A focus on business

and

Education, Business and Society: Contemporary Middle Eastern Issues

ISSN: 1753-7983

Article publication date: 30 May 2008

Citation

Pounder, J. and Clarke, M. (2008), "A focus on business", Education, Business and Society: Contemporary Middle Eastern Issues, Vol. 1 No. 2. https://doi.org/10.1108/ebs.2008.34901baa.001

Publisher

:

Emerald Group Publishing Limited

Copyright © 2008, Emerald Group Publishing Limited


A focus on business

Article Type: Editorial From: Education, Business and Society: Contemporary Middle Eastern Issues, Volume 1, Issue 2

The second issue of EBS takes a business focus and examines an array of issues relevant to the managerial and legal environment in the Middle East. Ingo Forstenlechner, for example, examines the process of Emiratization in the UAE and contrasts the image of Emiratization with the actual process of integrating UAE nationals. Continuing the theme of integration, Khalid Al-Rawi examines just what it takes to produce effective teamwork in UAE organizations. There can be little doubt that effectiveness in Arabic organizations generally requires the full utilization of human capital and in this context, Katlin Omair provides a comprehensive review of research that explores the position of Arabic women in management. A further factor contributing to organizational effectiveness in the extent to which management education reflects the real needs of practitioners in the Middle East and it is this theme that is the focus of the research conducted by Belal Barhem and his co-researchers in the UAE that is reported in their paper contained in this issue. Continuing the focus on education, Mark van Hoorebeek and Chris Gale guide us through a curriculum initiative in the Bradford University Law School that has resulted in the development of a robust teaching area centred on Sharia Law. The final paper by Saeed Askary and co-authors places business within a Middle Eastern cultural context and examines the extent to which accounting systems reflect the national cultural dimensions within which they are embedded. We hope you enjoy these contributions and trust that they will provide some possible answers to issues that concern academics and business practitioners in the Middle East.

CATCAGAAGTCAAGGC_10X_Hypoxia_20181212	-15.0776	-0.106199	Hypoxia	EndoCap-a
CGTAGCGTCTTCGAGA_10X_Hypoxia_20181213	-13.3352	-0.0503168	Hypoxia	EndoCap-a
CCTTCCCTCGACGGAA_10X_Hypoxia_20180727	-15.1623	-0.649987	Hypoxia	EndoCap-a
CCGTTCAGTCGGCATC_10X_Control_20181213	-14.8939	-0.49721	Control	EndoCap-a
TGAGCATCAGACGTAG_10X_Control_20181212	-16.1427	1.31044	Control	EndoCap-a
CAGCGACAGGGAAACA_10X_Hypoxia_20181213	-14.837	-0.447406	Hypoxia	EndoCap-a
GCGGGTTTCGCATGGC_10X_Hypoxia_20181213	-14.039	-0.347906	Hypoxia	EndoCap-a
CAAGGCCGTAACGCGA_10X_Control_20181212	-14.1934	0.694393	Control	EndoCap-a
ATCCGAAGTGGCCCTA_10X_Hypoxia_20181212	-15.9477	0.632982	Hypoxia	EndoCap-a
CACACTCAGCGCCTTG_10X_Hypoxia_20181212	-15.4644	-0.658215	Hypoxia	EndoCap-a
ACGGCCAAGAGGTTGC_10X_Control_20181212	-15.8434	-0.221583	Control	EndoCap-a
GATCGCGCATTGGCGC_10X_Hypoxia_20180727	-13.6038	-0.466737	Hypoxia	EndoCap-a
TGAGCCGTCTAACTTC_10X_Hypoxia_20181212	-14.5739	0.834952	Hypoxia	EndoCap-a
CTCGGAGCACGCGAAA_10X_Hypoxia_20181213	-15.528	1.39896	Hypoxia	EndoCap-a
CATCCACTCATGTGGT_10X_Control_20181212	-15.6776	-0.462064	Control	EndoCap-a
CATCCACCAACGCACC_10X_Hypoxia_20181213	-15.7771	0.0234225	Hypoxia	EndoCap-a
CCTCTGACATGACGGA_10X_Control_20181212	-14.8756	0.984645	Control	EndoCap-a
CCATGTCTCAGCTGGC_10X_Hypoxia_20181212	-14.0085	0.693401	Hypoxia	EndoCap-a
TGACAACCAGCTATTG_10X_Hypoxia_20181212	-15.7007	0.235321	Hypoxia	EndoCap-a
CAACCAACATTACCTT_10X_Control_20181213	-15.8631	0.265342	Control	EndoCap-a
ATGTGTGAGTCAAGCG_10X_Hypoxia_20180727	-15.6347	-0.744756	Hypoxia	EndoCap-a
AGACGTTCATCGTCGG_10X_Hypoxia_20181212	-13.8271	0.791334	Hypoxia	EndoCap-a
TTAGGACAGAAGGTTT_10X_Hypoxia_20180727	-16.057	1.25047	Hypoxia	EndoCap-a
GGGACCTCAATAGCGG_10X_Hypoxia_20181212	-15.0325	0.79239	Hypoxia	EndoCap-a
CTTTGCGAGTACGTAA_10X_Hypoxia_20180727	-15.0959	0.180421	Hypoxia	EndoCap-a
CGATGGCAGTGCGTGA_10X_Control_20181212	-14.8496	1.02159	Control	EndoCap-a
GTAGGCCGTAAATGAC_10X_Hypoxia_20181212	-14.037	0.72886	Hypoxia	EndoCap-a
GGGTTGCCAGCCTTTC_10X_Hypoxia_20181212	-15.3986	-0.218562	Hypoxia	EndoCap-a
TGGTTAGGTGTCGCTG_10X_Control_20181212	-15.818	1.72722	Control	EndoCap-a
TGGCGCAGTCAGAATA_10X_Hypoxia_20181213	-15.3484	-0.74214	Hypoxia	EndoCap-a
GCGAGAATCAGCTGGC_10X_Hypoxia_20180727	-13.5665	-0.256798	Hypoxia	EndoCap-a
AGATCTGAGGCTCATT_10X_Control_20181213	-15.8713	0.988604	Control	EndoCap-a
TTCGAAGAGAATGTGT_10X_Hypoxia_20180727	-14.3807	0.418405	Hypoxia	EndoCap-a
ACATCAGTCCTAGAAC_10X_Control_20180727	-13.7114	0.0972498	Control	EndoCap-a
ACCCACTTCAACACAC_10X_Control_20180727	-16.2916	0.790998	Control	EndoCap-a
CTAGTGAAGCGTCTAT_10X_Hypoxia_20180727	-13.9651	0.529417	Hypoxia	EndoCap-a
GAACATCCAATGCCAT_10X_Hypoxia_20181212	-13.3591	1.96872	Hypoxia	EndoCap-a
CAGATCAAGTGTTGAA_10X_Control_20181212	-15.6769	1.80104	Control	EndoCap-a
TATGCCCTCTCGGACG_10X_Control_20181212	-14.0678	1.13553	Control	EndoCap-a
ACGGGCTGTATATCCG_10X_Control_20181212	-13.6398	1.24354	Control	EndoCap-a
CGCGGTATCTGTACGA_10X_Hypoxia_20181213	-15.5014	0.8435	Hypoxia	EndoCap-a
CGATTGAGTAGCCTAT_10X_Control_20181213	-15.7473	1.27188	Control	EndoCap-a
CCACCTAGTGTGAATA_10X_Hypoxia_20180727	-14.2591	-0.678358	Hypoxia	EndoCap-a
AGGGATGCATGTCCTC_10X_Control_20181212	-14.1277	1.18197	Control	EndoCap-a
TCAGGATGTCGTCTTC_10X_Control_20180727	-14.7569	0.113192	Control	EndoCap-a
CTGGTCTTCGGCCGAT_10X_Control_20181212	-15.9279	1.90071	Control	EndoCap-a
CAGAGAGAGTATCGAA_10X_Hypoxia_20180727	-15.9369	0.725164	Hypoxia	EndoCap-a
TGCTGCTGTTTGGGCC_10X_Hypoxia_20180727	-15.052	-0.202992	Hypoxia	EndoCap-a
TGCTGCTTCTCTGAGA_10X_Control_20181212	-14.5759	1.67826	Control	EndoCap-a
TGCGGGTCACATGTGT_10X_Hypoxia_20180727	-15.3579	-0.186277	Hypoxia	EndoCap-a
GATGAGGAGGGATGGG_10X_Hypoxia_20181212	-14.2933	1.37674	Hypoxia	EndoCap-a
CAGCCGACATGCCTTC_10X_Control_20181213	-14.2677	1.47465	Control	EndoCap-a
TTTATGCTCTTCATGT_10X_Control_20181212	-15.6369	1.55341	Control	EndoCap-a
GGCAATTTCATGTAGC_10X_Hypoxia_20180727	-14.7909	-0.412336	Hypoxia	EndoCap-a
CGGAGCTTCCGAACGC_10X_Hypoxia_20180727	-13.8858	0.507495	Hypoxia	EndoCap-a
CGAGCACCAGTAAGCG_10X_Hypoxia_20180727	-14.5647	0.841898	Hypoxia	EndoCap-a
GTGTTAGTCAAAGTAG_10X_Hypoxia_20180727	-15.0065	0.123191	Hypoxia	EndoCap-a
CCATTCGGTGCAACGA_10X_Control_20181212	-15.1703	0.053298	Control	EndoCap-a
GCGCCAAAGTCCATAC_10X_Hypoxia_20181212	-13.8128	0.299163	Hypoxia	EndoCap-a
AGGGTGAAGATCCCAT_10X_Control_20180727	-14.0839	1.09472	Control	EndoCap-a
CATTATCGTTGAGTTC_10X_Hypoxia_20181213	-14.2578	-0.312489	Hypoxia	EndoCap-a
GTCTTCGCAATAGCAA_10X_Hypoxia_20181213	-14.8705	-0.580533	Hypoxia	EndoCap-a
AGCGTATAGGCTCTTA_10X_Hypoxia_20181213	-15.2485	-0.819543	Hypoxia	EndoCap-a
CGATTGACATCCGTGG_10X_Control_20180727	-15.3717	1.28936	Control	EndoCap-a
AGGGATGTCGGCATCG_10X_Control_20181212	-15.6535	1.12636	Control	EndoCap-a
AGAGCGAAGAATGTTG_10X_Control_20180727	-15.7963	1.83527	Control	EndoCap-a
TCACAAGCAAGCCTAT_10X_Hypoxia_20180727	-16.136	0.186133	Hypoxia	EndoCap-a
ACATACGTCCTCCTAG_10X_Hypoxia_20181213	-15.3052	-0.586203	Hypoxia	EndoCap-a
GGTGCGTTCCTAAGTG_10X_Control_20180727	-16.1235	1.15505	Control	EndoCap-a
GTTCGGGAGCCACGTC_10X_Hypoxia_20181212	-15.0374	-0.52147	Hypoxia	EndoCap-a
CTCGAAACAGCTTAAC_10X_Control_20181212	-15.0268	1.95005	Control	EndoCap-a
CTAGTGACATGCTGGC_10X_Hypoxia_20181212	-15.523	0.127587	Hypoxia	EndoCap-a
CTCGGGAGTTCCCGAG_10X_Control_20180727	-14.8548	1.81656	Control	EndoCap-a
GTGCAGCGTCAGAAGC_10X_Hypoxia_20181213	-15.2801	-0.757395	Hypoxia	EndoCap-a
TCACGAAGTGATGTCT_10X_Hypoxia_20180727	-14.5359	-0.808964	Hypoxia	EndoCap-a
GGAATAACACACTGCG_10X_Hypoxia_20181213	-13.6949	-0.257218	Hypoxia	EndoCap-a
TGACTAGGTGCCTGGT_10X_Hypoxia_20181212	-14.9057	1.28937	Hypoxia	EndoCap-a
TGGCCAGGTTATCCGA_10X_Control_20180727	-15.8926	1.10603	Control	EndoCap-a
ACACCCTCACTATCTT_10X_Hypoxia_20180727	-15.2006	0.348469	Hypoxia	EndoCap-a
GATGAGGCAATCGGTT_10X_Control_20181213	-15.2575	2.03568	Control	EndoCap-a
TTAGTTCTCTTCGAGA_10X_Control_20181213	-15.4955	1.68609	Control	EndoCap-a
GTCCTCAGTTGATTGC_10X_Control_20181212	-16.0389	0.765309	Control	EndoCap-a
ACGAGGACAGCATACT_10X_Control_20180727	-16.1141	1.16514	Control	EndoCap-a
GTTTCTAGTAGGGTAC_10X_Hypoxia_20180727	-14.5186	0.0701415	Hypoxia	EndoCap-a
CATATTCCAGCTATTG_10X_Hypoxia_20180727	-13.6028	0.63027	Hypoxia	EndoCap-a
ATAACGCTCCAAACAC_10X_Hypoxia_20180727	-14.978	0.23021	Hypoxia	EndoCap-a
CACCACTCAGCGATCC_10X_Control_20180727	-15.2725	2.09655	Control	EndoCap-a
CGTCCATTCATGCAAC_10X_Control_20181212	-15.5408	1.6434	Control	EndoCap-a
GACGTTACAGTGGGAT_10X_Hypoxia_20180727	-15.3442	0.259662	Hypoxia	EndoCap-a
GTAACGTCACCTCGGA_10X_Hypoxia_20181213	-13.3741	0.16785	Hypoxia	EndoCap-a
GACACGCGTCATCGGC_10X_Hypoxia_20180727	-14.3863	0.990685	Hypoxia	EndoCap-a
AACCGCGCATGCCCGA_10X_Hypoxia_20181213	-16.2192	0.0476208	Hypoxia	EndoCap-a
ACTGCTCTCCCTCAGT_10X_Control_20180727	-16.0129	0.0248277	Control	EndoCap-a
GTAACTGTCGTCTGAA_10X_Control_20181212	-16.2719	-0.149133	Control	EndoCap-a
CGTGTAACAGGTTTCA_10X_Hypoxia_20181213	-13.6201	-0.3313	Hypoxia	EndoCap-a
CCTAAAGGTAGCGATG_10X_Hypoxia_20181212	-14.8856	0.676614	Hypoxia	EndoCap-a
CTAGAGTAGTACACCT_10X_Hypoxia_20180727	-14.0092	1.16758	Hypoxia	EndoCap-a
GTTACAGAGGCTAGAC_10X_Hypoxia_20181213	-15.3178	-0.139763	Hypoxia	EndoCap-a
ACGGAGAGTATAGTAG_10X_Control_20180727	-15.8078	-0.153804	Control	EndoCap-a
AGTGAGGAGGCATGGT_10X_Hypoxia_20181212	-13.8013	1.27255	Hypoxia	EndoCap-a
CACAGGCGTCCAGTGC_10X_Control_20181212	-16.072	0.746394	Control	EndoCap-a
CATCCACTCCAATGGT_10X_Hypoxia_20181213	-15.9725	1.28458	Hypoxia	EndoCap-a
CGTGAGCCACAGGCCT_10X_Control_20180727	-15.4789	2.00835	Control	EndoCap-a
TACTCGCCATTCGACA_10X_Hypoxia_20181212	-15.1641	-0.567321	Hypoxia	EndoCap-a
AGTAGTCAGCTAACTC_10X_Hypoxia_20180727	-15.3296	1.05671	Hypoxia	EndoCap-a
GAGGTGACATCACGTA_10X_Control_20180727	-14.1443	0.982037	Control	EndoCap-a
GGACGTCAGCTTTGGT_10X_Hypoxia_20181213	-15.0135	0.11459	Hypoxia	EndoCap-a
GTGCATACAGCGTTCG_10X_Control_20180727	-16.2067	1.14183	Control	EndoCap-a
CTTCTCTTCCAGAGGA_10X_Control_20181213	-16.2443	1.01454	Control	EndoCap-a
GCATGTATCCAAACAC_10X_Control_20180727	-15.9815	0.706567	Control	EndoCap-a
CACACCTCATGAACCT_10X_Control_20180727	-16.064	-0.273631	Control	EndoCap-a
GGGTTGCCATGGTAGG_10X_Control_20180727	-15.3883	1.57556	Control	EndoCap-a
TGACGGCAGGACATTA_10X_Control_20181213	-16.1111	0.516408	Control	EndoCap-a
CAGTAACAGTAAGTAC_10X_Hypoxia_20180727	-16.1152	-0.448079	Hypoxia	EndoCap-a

Jim Pounder and Matthew Clarke